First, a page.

The best branch of science is microbiology. I can say this for certain because I’m a microbiologist, so I should know. There are other sciences that are quite good as well, and then there are some that are OK, and then somewhere deep into the lower half of the list of good sciences is physics. Physicists would probably argue with this, saying that “without physics, there would be no gravity”, but this is plainly untrue. Without microbiology, there would still be bacteria, and it’s not like we’d all go floating off the surface of the planet if physics was suddenly abolished as a science.
Anyway, this isn’t their list.
I did see some physics demonstrated the other day though, and I was impressed. Not impressed enough to move it above anthropology, but impressed nevertheless. And so, I’m going to share the video with you, right here, right now.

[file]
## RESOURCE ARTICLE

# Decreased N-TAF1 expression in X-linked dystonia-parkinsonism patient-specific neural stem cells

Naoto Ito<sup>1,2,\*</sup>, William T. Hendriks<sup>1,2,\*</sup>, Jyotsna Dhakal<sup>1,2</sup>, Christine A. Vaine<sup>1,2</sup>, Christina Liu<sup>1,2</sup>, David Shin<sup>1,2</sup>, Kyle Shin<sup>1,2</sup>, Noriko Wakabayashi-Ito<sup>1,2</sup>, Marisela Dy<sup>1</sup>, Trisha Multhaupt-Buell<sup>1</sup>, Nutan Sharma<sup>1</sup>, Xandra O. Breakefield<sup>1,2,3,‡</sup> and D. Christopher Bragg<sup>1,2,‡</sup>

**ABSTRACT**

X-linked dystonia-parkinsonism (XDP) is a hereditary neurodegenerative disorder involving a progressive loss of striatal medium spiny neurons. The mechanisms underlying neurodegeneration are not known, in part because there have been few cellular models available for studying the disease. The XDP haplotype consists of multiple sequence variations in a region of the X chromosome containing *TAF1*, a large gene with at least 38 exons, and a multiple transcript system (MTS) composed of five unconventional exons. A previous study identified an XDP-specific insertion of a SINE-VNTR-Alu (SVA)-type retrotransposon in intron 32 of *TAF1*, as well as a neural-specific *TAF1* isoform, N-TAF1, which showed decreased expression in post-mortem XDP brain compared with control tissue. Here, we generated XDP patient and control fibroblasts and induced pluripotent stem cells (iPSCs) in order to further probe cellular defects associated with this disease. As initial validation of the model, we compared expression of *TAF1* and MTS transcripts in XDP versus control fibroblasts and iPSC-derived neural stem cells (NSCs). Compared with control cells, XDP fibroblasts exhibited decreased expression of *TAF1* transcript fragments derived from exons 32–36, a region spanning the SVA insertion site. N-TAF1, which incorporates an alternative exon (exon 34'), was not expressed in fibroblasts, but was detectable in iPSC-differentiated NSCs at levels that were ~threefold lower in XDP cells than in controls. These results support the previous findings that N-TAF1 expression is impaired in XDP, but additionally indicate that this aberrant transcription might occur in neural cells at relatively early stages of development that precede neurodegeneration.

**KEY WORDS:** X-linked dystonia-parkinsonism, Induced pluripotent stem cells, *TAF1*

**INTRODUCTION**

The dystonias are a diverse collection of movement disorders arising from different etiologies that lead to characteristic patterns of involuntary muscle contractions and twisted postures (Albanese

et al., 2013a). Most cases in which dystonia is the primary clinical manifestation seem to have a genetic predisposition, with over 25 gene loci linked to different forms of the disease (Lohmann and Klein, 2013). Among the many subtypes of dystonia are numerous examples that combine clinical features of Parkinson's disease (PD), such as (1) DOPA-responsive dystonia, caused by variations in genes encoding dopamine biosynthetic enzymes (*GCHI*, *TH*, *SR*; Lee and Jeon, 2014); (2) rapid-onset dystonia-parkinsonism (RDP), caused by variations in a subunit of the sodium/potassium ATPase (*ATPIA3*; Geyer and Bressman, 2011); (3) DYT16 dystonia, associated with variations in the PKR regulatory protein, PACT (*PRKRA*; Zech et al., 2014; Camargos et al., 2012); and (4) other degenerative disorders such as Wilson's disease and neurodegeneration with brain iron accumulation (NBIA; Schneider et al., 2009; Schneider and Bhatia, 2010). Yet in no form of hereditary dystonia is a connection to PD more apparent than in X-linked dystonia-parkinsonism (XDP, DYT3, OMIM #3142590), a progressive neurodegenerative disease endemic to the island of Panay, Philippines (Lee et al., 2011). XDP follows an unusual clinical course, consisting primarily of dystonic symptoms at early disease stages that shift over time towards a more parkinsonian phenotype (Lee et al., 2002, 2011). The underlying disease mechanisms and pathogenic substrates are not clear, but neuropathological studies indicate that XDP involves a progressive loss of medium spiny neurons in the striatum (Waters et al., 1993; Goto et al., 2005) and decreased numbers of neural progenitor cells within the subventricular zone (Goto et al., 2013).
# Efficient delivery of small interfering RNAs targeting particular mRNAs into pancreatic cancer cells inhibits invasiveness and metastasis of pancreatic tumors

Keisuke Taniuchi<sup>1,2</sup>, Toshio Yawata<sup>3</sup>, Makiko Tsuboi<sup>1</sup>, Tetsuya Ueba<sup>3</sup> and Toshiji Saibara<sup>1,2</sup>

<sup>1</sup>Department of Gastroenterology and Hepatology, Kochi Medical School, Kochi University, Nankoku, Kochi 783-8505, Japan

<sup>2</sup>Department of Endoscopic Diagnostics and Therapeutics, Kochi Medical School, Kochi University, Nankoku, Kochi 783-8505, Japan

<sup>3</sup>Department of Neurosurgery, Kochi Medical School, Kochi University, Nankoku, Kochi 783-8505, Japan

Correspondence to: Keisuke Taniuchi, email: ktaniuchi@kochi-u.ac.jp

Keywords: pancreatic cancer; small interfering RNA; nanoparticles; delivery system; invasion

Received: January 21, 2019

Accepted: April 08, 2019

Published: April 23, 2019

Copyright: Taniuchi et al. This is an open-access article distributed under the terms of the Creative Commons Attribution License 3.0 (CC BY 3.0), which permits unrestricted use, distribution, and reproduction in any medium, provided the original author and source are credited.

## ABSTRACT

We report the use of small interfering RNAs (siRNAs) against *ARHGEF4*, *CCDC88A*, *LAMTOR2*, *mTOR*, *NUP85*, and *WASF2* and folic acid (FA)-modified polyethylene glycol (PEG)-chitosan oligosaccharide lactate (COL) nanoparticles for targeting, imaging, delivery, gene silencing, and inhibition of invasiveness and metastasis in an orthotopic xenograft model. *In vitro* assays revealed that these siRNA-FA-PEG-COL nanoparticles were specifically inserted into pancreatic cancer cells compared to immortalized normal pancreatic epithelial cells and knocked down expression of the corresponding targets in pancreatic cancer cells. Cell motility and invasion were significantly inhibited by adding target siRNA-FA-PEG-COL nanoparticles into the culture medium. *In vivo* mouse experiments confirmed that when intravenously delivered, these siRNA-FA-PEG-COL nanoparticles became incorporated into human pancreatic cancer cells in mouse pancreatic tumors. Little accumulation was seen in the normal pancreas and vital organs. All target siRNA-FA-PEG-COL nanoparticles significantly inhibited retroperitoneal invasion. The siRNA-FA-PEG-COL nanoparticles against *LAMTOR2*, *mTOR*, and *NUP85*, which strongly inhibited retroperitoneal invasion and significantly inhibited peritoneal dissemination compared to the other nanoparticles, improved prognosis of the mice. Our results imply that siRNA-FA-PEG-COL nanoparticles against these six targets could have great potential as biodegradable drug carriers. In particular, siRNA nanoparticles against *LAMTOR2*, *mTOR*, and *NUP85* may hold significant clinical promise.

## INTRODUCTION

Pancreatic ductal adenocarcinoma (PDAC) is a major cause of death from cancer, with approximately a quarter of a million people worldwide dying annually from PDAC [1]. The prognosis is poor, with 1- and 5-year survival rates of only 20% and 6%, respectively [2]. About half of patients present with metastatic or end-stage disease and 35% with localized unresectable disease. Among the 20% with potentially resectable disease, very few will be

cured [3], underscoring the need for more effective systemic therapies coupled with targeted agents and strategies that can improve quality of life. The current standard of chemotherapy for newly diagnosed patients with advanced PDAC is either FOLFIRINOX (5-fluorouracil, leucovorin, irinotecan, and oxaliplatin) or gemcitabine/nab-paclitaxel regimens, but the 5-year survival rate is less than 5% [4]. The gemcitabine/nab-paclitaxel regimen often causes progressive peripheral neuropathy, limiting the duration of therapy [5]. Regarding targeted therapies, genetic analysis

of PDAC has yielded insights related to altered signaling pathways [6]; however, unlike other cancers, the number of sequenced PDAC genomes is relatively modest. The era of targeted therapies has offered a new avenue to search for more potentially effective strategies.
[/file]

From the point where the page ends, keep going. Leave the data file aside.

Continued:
What happens in the video isn’t unexpected – physics tells us what to expect and what physics tells us to expect, occurs – but it is still a bit weird and tough to get your head around. Allow me to demonstrate – bring forth The Coxmatron!
The lead in is actually really interesting too, but if you just want to skip to the mentally confusing bit, jump to 2:30.
Galileo hypothesised that falling objects would fall at the same rate regardless of their masses, and so yes, the only reason that a bowling bowl falls more quickly than a bunch of feathers is because of the added air resistance on the latter. And yes, you know that, but because you have never seen a bowling ball and some feathers dropped in the absence of air (until now), it’s properly weird to actually see happening, isn’t it?
* It’s nowhere near as good as microbiology, but still much better than biochemistry.